Cries of “term limits now” are largely wasted until we have a few more in those valuable seats that have a remembrance of who sent them there and what their purpose is. The Tea Party movement, abetted by the threat of an emergent third party, has their attention if not the abiding fear it should cause. That fear will only last so long as we keep their feet to the fire and insist on some semblance of patriotism. If you hope to awaken on a November morning and see the congress inhabited by Patrick Henrys, The Adams, and other notables from the past to pursue the original objectives of the founders, think again. Some will be imbued with those noble aspirations to restore originalism to the building but some will secretly harbor visions of latter day sinecure by duplicity.

That is the reason we must never yield to complacency. We must take nothing for granted and keep our skepticism honed to a razor’s edge. Regardless of party, we must keep our eyes wide open and be ever on the alert for any deviance from the campaign’s lofty promises and the actuality of governance. There must be a prevailing attitude of watchfulness and supervision to be certain we get what we paid for. All newly elected or re-elected persons must be kept aware of our watchful eye. “It’s a job and you do have a boss” should be our constant theme. This is not a call for overbearing supervision but rather the constant suggestion that we, the people, are watching what it is going on. You will not be punching a clock but your every vote, junket, and ear mark will be monitored. Fiscal irresponsibility will not be tolerated.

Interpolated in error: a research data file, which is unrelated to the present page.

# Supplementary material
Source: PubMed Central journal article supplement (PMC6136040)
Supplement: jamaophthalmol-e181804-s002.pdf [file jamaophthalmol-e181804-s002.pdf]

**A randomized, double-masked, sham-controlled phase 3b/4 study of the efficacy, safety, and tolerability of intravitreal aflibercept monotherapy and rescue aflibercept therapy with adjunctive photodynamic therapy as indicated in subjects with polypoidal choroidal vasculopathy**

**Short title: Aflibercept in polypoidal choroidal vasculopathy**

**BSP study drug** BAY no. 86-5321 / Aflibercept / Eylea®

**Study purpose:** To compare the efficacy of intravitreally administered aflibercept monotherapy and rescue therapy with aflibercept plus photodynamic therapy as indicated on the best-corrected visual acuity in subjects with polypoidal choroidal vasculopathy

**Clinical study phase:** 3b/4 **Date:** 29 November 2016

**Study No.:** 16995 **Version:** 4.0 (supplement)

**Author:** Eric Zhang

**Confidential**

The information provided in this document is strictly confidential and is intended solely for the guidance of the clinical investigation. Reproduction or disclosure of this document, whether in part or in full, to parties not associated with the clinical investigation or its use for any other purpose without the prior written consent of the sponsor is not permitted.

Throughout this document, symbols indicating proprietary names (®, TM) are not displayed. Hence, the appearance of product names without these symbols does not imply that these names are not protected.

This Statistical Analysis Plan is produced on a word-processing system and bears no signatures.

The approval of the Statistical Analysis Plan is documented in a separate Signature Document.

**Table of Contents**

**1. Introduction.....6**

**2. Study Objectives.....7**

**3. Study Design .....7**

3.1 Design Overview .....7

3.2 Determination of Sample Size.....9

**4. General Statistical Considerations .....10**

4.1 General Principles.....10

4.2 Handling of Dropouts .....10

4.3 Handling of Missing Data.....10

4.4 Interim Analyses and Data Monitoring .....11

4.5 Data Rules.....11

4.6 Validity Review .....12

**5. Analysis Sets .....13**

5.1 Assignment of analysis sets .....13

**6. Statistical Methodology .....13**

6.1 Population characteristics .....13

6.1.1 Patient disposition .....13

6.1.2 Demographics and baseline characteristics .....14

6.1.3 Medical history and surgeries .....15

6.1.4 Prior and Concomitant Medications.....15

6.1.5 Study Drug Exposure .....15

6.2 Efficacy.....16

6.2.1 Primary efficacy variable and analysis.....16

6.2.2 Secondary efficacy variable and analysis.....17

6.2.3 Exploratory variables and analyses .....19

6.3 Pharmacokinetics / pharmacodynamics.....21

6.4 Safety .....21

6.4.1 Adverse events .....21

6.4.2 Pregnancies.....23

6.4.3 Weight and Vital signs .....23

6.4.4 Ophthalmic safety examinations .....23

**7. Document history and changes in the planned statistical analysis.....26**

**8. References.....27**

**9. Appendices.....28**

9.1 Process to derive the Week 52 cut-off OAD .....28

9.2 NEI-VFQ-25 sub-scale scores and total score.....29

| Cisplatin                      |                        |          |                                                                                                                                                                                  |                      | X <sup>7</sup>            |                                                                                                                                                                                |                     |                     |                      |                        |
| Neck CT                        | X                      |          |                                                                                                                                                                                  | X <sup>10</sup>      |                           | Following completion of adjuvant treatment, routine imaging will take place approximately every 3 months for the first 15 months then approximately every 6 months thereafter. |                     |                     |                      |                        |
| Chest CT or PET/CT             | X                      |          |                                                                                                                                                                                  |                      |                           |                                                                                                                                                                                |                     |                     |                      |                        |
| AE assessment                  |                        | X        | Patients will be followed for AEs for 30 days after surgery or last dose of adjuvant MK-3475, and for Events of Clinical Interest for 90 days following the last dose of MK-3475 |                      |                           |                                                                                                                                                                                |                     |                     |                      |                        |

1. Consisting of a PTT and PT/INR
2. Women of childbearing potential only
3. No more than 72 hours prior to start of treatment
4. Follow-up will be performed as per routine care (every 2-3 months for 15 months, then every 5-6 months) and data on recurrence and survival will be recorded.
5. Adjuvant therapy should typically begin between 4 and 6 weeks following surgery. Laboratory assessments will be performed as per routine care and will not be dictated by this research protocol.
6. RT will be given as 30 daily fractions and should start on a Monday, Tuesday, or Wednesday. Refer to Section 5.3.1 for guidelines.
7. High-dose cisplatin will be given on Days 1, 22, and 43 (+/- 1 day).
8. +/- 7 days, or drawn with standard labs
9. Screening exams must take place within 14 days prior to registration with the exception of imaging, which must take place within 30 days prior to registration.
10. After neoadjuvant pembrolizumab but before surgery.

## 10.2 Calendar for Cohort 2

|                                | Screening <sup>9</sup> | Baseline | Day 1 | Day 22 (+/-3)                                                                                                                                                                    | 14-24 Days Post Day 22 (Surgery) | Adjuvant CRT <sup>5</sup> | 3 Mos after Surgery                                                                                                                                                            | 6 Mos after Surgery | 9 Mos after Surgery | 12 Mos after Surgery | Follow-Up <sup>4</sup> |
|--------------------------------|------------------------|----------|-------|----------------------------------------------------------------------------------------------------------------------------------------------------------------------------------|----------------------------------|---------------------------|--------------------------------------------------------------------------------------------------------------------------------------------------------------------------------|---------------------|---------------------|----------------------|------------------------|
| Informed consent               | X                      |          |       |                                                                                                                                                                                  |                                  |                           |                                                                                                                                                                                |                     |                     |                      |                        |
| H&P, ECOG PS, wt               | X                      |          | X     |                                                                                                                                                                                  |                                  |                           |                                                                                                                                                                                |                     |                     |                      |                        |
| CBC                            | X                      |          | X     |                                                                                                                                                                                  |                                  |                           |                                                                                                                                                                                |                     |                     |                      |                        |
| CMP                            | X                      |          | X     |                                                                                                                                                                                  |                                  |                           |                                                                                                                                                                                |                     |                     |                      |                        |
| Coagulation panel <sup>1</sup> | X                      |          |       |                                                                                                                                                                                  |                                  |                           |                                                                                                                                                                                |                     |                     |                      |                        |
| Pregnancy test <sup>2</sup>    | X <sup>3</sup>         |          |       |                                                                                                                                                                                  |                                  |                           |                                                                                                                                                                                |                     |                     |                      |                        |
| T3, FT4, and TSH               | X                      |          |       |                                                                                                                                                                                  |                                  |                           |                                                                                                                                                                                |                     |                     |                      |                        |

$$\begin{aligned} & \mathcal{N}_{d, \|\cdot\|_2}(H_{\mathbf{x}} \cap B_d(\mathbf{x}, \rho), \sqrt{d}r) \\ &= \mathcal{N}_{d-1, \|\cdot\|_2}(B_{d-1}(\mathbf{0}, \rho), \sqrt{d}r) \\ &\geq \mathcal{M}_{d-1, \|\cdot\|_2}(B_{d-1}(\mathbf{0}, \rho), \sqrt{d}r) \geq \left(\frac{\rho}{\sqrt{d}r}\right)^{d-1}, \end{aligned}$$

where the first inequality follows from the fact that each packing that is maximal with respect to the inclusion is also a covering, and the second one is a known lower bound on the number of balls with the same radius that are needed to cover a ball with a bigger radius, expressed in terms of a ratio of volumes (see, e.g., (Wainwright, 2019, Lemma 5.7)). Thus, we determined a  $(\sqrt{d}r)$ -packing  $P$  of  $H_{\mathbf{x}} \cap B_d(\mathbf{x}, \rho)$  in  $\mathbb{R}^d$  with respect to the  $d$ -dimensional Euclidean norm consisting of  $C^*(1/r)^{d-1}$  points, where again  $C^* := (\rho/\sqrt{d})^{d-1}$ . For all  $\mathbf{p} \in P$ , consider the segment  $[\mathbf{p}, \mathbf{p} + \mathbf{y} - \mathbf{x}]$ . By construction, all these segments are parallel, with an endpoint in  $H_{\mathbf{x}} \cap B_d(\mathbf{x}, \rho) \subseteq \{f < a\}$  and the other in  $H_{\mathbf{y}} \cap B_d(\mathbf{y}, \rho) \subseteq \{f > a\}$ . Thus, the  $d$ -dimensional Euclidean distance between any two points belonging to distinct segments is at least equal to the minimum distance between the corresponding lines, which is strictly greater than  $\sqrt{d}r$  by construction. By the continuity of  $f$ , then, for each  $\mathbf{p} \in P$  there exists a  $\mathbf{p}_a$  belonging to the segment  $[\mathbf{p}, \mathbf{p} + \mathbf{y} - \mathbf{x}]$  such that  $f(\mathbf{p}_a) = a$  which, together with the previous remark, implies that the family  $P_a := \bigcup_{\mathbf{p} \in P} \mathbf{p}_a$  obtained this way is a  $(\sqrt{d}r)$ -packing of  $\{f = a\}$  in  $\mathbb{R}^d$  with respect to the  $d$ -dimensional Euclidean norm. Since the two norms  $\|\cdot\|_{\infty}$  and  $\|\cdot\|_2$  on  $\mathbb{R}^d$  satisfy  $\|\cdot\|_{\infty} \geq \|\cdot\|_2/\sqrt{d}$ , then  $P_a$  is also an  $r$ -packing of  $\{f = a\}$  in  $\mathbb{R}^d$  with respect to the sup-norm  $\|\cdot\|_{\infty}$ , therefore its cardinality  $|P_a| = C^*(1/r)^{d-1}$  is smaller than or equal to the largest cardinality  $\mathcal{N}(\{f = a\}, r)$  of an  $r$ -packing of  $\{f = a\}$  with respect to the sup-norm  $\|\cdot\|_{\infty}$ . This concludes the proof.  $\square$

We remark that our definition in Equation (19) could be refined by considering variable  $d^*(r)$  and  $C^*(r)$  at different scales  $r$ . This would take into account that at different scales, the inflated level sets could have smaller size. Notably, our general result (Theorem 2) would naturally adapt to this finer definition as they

This will require some inconvenience on the part of the legislator’s unpaid supervisors. It will necessitate communication, visitation, and constant reminders for them “to dance with the ones that brung ‘em.” Plainly stated, we, as citizens have a duty to our neighbors and to our new leadership to be part of the management team. No one ever said cleaning the Augean stables was an easy job. All we have to do is, “git ‘er done.”

In His abiding love,

Cecil Moon

Monday, January 25, 2010

Monday Morning Rant 129

Granny, now returned to the labor force, (Ed. Does this count as a job gained or one saved?) couldn’t make it to church this morning so I represented the household in the pew on Sunday. Lee Parsons offered some much needed reminders on the relationship of repentance to salvation. I duly noted that all the scriptures came from the latter books of the New Testament—Acts, John I, and Corinthians—in sympathetic agreement with the concepts of the end times. It was a fine offering indeed.